Dentition codeDENTITION:
4 (rarely 5) pre-maxillary; 13-14 maxillary; 15 mandibular
Total no. of teeth = 64-68

[click on image for enlargement]

Click Crocodiles leaping to capture food Click Adult crocodile basking in sun Click Very large adult crocodile
Click Gomek, a very large captive adult Click Gomek being fed Click Saltie on sandbank

Saltwater crocodiles take a wide variety of prey, although juveniles are restricted to smaller items such as insects, amphibians, crustaceans, small reptiles and fish. The larger the animal grows, the greater the variety of items that it includes in the diet, although relatively small prey still make up the majority of the diet even in large adults. Prey items include crustaceans (e.g. mudcrabs) and vertebrates (e.g. turtles, goannas/lizards, snakes, shore and wading birds). Large adults occasionally take much larger prey include buffalo and domestic livestock, wallabies, wild boar, monkeys etc.

Breeding territories are usually established along tidal rivers, creeks and freshwater areas. Females reach sexual maturity at lengths of 2.2 to 2.5 m (10 to 12 years old). Males mature later (3.2 m, at around 16 years old). Females on average lay 40 to 60 eggs (this can range from 25 to 90) in mound nests made from vegetation (usually grasses and vines) and mud. These are normally constructed between the months of November and March during the wet season, but this varies slightly geographically. The mound helps to insulate the eggs from temperature extremes, hides them from predators, stops them from dehydrating, and also serves to raise the eggs above the ground to minimise the risk of flooding. Many nests are still flooded every year, however, killing all the unhatched embryos - in saltwater crocodiles flooding is the main cause of embryo mortality, not destruction by predators. If the nest is in danger of getting too dry, the female has apparently been observed to splash water onto it from a purpose-dug, adjacent pool, although the veracity of this observation is unknown. Although the female stays near the nest, eggs do occasionally fall foul of predators (e.g. monitor lizards, feral wild pigs in Australia) and human egg collectors. Juveniles normally hatch after 80 to 90 days but this varies with temperature (80 days at a sustained 32 celsius, longer if cooler). The female digs the hatchlings out of the nest when they start their characteristic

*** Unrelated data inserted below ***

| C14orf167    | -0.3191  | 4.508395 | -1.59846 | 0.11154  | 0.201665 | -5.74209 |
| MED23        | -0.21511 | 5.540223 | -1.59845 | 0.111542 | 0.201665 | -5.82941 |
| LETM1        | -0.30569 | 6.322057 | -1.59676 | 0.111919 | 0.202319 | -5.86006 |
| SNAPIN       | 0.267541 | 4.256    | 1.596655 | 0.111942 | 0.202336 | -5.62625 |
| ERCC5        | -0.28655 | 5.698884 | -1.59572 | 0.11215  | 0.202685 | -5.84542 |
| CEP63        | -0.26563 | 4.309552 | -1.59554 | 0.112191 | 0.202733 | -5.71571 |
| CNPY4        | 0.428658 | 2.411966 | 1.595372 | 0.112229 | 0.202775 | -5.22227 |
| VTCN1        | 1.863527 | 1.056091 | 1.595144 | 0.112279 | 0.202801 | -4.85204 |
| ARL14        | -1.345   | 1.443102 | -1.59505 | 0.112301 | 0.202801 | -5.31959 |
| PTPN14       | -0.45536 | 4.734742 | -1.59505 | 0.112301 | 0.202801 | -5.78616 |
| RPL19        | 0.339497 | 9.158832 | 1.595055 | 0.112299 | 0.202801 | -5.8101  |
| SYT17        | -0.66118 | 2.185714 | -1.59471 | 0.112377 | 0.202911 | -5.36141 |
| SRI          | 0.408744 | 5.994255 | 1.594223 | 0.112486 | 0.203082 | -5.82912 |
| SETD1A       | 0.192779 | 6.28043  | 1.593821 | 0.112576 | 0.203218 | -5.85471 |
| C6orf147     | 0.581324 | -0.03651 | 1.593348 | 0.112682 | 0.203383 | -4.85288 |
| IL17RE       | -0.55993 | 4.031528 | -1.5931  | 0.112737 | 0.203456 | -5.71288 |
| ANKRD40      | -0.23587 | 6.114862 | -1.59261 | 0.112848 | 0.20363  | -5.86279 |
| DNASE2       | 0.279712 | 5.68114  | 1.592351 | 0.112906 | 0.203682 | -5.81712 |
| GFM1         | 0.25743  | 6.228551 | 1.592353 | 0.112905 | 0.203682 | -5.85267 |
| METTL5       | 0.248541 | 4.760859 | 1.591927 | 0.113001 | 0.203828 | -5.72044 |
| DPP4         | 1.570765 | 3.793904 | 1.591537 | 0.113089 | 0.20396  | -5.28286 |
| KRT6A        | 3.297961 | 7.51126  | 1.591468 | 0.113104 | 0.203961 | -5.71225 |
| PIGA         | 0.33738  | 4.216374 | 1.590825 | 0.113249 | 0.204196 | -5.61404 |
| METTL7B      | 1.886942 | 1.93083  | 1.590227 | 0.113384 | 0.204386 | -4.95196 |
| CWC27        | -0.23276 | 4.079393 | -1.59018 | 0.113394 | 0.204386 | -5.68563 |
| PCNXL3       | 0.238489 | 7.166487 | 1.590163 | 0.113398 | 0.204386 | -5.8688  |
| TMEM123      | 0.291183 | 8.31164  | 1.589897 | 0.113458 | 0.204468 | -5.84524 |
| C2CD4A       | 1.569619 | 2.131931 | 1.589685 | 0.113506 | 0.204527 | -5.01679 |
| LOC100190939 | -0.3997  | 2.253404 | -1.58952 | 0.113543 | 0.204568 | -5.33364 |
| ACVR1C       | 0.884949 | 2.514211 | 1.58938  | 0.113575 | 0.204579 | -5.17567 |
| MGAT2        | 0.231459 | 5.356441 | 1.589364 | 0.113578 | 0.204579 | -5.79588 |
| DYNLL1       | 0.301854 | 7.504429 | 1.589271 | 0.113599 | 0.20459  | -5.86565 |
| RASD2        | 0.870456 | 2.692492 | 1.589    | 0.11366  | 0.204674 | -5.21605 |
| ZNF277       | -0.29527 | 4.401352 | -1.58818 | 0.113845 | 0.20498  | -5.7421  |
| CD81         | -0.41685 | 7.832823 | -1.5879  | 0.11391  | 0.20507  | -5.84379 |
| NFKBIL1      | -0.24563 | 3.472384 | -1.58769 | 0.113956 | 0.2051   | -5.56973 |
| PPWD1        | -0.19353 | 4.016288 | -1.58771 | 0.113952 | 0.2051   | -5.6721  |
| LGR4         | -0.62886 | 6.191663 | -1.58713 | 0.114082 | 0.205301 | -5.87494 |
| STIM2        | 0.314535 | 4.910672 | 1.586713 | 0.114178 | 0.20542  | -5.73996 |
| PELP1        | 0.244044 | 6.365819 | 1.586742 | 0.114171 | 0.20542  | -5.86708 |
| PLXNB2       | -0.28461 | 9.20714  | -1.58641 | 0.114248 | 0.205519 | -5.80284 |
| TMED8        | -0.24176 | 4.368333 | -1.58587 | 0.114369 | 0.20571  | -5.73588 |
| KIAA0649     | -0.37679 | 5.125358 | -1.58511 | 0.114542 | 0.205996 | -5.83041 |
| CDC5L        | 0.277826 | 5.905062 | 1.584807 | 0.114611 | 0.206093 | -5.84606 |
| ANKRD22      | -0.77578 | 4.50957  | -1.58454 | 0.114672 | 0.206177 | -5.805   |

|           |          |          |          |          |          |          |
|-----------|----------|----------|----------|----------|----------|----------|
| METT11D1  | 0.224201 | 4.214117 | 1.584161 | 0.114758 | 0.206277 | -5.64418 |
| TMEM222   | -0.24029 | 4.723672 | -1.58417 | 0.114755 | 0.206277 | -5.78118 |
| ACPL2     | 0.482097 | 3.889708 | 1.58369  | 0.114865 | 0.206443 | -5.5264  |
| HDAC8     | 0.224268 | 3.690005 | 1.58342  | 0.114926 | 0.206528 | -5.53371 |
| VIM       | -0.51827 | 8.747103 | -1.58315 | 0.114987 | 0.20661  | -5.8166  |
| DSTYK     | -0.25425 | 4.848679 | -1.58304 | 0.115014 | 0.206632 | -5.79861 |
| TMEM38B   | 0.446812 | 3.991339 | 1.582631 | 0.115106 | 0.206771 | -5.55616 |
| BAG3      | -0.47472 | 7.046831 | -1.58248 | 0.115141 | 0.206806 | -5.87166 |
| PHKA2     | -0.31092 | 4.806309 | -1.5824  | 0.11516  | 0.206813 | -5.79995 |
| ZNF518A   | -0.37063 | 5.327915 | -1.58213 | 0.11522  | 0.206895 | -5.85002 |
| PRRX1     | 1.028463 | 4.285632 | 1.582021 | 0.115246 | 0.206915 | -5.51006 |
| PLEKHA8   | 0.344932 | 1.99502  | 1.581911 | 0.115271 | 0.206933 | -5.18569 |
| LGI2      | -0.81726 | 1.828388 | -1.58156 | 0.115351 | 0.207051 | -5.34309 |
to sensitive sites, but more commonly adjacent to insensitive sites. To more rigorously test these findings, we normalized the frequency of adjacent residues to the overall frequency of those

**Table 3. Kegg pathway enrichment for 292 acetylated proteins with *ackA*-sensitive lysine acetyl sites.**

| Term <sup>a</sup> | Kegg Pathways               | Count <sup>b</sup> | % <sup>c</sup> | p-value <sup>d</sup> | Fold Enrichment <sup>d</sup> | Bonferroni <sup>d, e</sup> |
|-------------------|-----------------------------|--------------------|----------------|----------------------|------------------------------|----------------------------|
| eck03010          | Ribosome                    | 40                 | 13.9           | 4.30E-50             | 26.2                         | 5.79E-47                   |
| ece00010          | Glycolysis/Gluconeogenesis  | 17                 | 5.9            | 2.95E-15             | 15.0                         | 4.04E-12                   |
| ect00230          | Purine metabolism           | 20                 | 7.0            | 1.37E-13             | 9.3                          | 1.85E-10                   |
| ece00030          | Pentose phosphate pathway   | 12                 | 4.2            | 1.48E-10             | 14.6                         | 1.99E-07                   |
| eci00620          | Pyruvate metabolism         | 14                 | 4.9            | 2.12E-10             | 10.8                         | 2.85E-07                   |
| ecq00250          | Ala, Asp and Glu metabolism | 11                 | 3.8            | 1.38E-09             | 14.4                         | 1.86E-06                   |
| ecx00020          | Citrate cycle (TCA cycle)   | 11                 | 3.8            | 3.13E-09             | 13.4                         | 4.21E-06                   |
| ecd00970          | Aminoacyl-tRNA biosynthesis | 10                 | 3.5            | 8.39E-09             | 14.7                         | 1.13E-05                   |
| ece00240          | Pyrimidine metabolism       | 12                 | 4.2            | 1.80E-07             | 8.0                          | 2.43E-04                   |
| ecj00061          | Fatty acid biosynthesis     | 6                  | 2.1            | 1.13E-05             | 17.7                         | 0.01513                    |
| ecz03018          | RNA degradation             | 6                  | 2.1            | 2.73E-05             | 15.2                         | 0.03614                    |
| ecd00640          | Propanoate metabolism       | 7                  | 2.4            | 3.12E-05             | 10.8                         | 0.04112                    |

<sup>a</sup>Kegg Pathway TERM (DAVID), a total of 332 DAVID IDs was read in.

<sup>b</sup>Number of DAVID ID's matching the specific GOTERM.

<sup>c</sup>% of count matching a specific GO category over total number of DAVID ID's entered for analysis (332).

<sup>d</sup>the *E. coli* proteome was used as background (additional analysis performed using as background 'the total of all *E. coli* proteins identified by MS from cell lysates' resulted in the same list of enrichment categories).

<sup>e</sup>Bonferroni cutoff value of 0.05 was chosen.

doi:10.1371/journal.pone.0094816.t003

chirping sounds, assisting some of them to the water by picking them up carefully and carrying them within the mouth. A lot of research has been carried out into TSD (Temperature-dependant Sex Determination) in this species, which is of value for captive breeding programs to influence the sex ratio, and to produce faster growing males for farming purposes. The highest percentage of males are produced around 31.6°C, with more females a few degrees above and below this. It is estimated that less than 1% of hatchlings will survive to reach maturity, due to flooding, predation (e.g. turtles, goannas, C. johnstoni), competition for resources, and social pressures (territorial males will kill and eat juveniles - they are one of the limiting factors in population growth along with competition).

Many species of crocodilians are falsely viewed as man-eaters, but fear of this species is not unfounded, with a number of people injured or killed each year, although in most cases these tragedies can be avoided with increased awareness. However, loss of life has led to a degree of antipathy towards the species, making conservation measures more difficult to implement.

Given its relatively wide distribution, control of trade has historically been difficult until recent years. The commercial value of the hide is very high (the most valuable of any crocodile species), due to the lack of ventral osteoderms which otherwise make tanning difficult, and the size and shape of the belly scales. Unregulated hunting mainly between 1945 and 1970 caused a dramatic decline throughout the range of the species. This has been controlled in some areas, notably Australia, but threats from habitat destruction still exist. Protection in some countries is often ineffective, and while illegal trade is relatively insignificant now for this species, killing due to fear is becoming an increasing problem.